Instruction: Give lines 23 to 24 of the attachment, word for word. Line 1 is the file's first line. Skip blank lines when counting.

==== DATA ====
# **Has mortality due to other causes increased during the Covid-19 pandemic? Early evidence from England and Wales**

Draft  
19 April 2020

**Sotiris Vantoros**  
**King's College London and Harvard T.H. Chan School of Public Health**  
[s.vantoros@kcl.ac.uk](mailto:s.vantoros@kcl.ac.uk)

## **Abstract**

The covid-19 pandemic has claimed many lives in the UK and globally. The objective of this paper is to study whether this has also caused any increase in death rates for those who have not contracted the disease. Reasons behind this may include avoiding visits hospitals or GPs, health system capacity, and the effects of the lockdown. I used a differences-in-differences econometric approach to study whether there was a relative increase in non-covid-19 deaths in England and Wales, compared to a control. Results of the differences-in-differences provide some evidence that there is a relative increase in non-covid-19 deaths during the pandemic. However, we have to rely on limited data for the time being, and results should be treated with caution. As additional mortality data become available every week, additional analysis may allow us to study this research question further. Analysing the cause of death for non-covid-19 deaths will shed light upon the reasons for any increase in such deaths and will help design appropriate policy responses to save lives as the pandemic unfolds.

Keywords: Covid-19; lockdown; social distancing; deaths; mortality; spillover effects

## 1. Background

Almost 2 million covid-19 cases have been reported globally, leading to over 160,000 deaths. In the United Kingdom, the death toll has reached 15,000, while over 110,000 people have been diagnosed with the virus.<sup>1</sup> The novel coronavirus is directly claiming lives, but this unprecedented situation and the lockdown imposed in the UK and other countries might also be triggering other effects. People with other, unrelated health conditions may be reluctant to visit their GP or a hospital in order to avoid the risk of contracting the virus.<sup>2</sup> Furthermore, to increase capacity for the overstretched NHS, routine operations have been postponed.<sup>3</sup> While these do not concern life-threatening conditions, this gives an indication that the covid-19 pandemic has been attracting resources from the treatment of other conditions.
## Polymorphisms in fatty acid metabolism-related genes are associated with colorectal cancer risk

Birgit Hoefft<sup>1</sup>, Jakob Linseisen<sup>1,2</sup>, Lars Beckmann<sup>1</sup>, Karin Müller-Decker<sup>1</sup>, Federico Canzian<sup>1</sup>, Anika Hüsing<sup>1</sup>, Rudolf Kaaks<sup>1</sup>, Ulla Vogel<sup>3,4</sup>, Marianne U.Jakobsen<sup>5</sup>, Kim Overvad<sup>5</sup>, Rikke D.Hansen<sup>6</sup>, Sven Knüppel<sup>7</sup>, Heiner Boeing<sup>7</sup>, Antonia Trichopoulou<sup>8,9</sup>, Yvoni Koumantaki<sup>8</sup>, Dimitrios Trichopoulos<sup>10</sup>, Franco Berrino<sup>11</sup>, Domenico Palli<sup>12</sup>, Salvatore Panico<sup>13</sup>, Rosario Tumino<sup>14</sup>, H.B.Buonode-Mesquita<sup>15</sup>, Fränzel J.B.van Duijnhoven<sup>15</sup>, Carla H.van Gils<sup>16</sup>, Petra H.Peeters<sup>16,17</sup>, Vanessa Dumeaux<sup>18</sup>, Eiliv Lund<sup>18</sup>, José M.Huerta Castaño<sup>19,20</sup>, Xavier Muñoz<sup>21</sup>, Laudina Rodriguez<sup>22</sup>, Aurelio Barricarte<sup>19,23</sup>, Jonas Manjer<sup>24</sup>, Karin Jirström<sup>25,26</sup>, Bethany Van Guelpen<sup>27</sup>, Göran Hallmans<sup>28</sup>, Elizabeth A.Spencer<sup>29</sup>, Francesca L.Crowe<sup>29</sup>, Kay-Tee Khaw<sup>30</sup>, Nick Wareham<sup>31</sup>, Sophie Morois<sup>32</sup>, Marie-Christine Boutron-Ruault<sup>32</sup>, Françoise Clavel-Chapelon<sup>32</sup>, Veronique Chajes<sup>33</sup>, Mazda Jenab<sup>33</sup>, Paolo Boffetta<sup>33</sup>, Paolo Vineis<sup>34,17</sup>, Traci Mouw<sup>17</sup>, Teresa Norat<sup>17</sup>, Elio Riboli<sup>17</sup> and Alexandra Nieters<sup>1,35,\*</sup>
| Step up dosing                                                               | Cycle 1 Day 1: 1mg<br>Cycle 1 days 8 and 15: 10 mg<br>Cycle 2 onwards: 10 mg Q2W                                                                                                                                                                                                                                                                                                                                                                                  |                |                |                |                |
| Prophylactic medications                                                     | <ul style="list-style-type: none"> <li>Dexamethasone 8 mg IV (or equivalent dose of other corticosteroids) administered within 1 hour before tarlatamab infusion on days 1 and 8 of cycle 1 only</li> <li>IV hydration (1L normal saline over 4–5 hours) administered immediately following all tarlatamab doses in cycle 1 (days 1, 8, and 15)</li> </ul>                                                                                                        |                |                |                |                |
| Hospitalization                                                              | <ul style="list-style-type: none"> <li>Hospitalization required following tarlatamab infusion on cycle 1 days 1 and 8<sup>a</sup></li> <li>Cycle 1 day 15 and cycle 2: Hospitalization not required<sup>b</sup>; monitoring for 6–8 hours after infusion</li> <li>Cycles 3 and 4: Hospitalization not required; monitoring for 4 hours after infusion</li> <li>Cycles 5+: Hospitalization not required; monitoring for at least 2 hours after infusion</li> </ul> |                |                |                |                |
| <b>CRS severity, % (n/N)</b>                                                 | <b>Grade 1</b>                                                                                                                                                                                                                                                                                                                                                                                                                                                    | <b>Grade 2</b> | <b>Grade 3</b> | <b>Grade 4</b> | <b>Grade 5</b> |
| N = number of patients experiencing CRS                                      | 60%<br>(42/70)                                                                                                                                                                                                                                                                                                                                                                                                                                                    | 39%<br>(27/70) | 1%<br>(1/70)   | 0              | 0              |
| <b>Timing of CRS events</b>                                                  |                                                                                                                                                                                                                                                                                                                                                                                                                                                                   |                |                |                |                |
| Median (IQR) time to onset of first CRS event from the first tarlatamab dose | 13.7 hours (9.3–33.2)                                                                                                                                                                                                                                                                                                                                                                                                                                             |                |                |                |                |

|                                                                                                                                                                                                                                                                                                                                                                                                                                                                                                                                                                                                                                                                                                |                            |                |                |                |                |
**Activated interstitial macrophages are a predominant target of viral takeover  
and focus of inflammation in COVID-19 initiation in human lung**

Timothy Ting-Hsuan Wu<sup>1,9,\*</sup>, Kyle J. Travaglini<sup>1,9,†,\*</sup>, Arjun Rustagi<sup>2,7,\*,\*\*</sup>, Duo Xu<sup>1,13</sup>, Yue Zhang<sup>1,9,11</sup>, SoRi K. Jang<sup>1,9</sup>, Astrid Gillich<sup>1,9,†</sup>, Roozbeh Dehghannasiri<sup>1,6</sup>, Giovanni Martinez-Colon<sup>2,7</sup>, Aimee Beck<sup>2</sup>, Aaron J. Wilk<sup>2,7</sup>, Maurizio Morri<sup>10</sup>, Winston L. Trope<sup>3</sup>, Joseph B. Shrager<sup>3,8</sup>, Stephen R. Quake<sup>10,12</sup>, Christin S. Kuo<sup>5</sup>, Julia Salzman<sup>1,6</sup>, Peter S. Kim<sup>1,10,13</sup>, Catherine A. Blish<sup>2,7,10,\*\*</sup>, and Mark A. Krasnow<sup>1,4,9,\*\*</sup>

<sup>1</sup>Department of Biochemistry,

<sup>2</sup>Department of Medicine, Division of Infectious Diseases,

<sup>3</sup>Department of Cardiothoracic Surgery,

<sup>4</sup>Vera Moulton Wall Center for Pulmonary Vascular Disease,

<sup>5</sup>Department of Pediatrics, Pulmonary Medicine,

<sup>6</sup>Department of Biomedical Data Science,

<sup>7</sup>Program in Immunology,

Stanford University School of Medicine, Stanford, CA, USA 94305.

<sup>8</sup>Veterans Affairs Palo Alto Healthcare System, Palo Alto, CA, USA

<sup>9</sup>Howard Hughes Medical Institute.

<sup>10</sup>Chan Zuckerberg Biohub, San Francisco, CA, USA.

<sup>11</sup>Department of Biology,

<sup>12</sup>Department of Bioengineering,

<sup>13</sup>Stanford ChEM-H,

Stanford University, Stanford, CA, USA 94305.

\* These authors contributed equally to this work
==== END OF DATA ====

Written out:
and focus of inflammation in COVID-19 initiation in human lung**

Timothy Ting-Hsuan Wu<sup>1,9,\*</sup>, Kyle J. Travaglini<sup>1,9,†,\*</sup>, Arjun Rustagi<sup>2,7,\*,\*\*</sup>, Duo Xu<sup>1,13</sup>, Yue Zhang<sup>1,9,11</sup>, SoRi K. Jang<sup>1,9</sup>, Astrid Gillich<sup>1,9,†</sup>, Roozbeh Dehghannasiri<sup>1,6</sup>, Giovanni Martinez-Colon<sup>2,7</sup>, Aimee Beck<sup>2</sup>, Aaron J. Wilk<sup>2,7</sup>, Maurizio Morri<sup>10</sup>, Winston L. Trope<sup>3</sup>, Joseph B. Shrager<sup>3,8</sup>, Stephen R. Quake<sup>10,12</sup>, Christin S. Kuo<sup>5</sup>, Julia Salzman<sup>1,6</sup>, Peter S. Kim<sup>1,10,13</sup>, Catherine A. Blish<sup>2,7,10,\*\*</sup>, and Mark A. Krasnow<sup>1,4,9,\*\*</sup>